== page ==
It’s bad enough when you find yourself afflicted by an earworm, but you know what really sucks?
Having a song stuck in your head that you’re not actually very fond of and that you haven’t actually heard played in years — but somehow, nonetheless, which has swum up out of your unconsciousness and has taken over.
I’ve had the song “Ruby Dear” by Talking Heads stuck in my head most of the day — it’s from their final studio album, “Naked”. Not that exciting a song, pretty blah in my opinion, but yet there it is.
I suppose it could be worse: it could be “1985” by Bowling For Soup — a song I like, but which unfortunately gets stuck in my head for days. I make the mistake of playing it now and then and then I pay the price until the next snowfall.
Back in the day, Carole and I loved the Discovery channel show Mythbusters, the show dedicated to testing the veracity and/or plausibility of various urban myths. We found that the show got old as the years went by and the producers spent more and more time milking the humor value and trying to fit as many explosions into the show as possible (to say nothing of the way that they spent the first few minutes after each commercial break recapping what they’d shown immediately prior to the commercial break, which got truly old), but along the way there really were some absolute gems.
My favorite, for what it’s worth, was the time they demonstrated that tightly sealing the pressure release valve on an ordinary hot water heater would eventually result in an explosion that basically put said water heater into orbit:
But that’s not something I care to test or attempt to replicate. Not anytime soon, anyway.
On the other hand, there’s episode 173: “Walk A Straight Line“. The guys tested the idea that a person who couldn’t see or hear (wearing blackout goggles and noise-blocking headphones or earplugs) would be unable to walk a straight line across an open field. I wish video from that episode was available on Youtube or elsewhere, but alas, it doesn’t seem to be.
Long story short: myth confirmed. Neither Adam Savage nor Jamie Hyneman were able to walk a straight line and in fact did really, really badly — looping around and crossing their own paths but thinking they were walking straight.
And that’s something easily tested — or would be, if you had a large enough, level enough field with no barriers, cars, other humans, trees, or anything else in the way. I finally stumbled across the perfect field while on a evening walk through Burlington, Vermont’s “Intervale” the other evening: a very large open area labeled “McKenzie Park” on Google Maps.
Wide open, with eight-inch-tall grass as far as the eye could see:
I said to myself, “This would be an excellent place to walk around blindfolded.”
I am probably the first person in Burlington history to make that assertion.
Today was cool and overcast, but not too cool: a nice day for a walk. We’re working on getting in shape for the Twin Cities Susan G. Komen 3-Day in August and since we’ve both been in major couch potato mode for the last few months, any exercise we can get is none too much. So we made a hike out of the project, starting at the CSWD transfer station on Patchen Road in South Burlington and winding up at the Miller Community Center on Gosse Court in the New North End of Burlington.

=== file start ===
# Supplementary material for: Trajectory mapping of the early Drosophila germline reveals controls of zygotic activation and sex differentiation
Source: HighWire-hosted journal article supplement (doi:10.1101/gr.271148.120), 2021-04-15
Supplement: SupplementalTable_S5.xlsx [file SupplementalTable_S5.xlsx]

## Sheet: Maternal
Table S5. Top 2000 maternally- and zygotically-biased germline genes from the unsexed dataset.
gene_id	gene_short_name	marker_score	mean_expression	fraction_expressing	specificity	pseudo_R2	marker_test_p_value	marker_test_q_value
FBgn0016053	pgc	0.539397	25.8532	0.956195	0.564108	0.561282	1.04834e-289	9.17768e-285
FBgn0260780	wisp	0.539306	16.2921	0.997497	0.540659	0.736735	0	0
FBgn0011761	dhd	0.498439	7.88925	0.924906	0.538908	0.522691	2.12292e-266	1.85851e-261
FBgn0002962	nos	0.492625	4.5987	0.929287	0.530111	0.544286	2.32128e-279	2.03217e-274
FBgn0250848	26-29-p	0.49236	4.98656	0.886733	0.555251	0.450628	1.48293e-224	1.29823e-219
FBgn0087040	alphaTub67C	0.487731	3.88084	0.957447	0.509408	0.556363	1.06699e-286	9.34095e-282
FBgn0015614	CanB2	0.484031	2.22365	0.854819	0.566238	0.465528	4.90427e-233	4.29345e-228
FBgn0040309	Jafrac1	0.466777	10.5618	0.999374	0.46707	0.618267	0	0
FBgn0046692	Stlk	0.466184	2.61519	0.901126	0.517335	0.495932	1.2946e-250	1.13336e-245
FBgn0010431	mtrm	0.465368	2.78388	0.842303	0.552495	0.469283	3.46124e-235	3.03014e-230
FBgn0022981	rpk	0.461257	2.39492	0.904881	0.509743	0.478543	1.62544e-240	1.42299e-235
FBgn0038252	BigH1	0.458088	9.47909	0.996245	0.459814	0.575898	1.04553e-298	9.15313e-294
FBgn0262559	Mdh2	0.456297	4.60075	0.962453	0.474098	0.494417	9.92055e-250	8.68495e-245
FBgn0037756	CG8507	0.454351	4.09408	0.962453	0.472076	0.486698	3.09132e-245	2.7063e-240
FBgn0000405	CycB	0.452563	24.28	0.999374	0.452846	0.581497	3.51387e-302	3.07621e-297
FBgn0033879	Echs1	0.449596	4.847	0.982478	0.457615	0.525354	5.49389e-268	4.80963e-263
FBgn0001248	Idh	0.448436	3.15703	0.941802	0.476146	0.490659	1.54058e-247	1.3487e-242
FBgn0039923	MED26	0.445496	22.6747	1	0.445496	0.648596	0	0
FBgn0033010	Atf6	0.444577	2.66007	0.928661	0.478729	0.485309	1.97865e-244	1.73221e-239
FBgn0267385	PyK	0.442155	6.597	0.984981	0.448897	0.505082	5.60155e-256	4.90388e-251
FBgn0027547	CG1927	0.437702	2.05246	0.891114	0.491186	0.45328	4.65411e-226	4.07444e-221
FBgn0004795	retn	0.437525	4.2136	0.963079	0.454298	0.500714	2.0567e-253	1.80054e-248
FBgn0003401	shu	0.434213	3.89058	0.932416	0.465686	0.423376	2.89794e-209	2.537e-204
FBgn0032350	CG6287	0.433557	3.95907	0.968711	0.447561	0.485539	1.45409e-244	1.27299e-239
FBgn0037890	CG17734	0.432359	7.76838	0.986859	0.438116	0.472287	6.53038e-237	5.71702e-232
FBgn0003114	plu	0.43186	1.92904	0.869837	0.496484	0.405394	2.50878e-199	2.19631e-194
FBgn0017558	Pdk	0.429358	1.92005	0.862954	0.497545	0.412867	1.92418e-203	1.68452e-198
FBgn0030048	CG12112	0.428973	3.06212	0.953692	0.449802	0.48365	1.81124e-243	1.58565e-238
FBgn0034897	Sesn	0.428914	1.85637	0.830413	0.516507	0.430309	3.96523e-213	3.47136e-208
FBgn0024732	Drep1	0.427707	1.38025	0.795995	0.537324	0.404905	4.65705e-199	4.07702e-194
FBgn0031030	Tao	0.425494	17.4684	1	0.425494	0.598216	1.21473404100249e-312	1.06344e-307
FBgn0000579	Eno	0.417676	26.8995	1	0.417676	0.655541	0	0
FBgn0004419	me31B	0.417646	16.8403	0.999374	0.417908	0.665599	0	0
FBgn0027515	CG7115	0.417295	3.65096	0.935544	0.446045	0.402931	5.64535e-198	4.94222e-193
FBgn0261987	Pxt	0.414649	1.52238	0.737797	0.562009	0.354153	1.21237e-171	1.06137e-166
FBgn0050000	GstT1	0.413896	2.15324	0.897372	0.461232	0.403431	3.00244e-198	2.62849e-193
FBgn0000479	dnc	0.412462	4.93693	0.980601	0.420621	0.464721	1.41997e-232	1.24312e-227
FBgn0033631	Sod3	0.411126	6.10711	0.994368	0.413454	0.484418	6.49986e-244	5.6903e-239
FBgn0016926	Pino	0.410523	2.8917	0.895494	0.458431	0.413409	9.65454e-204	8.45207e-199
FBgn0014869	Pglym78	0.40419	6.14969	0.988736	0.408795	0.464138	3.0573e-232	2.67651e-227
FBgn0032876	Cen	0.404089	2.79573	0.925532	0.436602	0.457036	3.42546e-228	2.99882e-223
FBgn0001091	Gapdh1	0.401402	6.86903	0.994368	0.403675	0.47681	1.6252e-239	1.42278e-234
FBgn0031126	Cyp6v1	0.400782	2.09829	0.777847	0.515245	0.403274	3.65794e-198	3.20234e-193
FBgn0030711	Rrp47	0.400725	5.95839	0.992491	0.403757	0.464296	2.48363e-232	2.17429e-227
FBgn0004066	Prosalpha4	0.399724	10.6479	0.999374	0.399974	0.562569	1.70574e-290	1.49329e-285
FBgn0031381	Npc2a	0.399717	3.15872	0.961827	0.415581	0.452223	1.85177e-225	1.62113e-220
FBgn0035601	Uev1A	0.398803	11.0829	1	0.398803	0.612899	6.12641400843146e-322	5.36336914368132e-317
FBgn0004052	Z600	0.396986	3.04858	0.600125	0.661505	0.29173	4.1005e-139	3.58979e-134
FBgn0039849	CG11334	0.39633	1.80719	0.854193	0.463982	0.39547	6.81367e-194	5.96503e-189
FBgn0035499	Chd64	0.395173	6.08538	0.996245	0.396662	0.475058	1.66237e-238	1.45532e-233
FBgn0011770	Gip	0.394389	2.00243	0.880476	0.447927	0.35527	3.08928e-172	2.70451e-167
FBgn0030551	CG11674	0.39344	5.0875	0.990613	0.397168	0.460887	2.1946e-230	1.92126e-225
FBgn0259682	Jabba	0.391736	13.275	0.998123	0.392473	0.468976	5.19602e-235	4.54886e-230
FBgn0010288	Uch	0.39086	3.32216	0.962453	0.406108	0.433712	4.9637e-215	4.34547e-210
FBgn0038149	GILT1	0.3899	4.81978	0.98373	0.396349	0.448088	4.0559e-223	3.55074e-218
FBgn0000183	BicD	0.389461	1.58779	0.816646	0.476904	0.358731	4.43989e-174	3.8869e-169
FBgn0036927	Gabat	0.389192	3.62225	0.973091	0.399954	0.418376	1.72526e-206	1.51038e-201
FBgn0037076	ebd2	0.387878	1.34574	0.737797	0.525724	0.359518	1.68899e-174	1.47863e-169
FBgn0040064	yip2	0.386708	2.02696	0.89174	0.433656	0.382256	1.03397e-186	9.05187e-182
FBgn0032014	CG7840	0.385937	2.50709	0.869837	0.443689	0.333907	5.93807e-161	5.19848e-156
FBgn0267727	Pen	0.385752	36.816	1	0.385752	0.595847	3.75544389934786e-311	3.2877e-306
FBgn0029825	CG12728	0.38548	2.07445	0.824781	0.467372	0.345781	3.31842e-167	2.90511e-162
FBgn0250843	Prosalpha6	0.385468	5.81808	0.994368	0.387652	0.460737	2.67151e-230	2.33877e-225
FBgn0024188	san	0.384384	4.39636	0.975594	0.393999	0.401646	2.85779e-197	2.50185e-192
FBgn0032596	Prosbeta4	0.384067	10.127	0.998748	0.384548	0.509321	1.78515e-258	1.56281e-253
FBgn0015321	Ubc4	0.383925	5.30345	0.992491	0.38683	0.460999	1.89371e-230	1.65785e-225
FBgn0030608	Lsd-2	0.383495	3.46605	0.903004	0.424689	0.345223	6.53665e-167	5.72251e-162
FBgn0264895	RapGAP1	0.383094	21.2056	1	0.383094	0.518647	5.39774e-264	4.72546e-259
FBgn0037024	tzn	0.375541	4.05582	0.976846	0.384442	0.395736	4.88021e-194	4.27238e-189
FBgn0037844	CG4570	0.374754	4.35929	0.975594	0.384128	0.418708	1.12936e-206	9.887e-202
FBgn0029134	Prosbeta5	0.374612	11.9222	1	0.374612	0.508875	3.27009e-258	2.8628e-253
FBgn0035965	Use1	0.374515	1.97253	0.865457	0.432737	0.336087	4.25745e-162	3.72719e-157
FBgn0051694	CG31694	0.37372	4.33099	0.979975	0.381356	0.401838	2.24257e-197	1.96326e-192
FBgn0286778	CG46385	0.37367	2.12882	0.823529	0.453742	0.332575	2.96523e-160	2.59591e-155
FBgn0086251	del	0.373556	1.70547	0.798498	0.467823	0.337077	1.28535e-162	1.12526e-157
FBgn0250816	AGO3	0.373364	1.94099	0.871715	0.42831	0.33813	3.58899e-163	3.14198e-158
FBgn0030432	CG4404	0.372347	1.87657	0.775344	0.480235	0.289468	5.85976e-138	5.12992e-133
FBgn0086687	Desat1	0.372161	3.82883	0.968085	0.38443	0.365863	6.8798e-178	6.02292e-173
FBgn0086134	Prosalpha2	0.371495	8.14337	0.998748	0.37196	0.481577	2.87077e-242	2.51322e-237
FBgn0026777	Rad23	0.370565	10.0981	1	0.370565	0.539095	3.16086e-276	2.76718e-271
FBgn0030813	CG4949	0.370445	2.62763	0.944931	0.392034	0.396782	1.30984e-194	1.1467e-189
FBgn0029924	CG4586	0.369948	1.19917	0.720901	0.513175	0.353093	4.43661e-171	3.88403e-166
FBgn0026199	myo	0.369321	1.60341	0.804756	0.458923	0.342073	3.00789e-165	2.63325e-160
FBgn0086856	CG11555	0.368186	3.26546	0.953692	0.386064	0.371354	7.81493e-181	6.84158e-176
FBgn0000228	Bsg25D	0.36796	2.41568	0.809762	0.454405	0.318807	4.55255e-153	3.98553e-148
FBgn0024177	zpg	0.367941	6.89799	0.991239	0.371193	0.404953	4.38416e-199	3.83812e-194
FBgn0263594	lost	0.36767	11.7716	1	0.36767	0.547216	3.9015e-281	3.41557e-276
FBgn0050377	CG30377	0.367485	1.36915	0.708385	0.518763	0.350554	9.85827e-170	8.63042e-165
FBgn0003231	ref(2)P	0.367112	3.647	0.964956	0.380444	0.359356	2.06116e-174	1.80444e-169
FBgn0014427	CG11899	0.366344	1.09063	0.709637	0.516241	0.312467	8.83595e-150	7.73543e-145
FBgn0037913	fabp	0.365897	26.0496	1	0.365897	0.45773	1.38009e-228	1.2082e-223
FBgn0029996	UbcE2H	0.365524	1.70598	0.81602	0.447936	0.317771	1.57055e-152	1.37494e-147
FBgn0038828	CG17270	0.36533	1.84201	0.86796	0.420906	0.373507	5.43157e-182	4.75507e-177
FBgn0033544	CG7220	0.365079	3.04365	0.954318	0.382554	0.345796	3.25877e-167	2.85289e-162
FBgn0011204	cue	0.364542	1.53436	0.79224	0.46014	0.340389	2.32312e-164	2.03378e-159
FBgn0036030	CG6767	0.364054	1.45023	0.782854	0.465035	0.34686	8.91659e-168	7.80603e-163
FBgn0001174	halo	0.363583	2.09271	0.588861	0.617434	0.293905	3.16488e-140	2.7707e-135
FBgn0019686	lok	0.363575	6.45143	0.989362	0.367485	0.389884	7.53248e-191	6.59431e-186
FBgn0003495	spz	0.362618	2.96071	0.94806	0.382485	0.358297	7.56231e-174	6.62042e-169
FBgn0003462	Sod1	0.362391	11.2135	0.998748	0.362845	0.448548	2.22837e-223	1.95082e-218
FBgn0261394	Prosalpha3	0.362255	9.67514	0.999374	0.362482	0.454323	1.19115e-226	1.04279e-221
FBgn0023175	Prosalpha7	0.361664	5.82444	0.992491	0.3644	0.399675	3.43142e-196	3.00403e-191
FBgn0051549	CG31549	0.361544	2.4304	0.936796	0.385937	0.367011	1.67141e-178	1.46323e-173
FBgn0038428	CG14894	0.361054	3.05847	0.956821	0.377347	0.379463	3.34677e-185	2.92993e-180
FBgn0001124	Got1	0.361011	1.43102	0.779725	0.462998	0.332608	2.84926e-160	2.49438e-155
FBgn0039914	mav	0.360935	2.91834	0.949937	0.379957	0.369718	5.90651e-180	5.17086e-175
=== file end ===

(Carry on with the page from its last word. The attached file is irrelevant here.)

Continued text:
Our route took us down Intervale Road and on to McKenzie Park, where we took time out from our exercise for my little blindfolded-walking experiment.
I put in earplugs, put on a set of Bose noise-cancelling headphones, put an airplane sleep mask on and pulled an orange Buff headwrap down over that, and found that despite all this I could still hear ambient sounds well enough that it wouldn’t have been a fair test. So I had Carole pull up “Sounds of the Ocean” on my phone and blasted that while I walked. Problem solved. I couldn’t see a damn thing and all I could hear was the surf.
And so I started walking, trusting Carole to keep an eye on where I was going and to warn me if an unanticipated hole or other obstacle lay in my path. I carried my phone in front of me as I walked, the better to record my track on a GPS app.
I walked slowly and methodically and deliberately, my feet swishing through the tall grass and finding the footing secure, confident that I was tracing a true, straight course and that in due time Carole would stop me and say “Wow!” or “You did it!” or “Amazing!”
As it turned out, I’d started off well enough — well enough that Carole had irritably said to herself “Oh, jeez, another area in which he’s superhuman” (her words, not mine), but sure enough, I’d promptly doubled back on my path without realizing it, headed back the way I’d come, then traced a large loop. What caused Carole to stop me in the end was not that I was literally crossing my path, but that I was heading straight for a good-sized puddle that I’d somehow avoided the first time around.
And yet, if you watch the short video clip Carole took, I look so purposeful, don’t I?
I guess the Mythbusters were right. It is pretty much impossible to walk a straight line when you can’t see or hear where you’re going. Even when you’re more or less certain that you’re doing exactly that.
For those of you with depraved senses of humor, here’s your Halloween 2017 costume.1If you really want one, search for “Inflatable Mr Superawesomeness Adult Patrick Costume”. And may God have mercy on your soul.
Just imagine wearing this, lumbering down the streets of your town, shouting “THERE IS NO GOD”.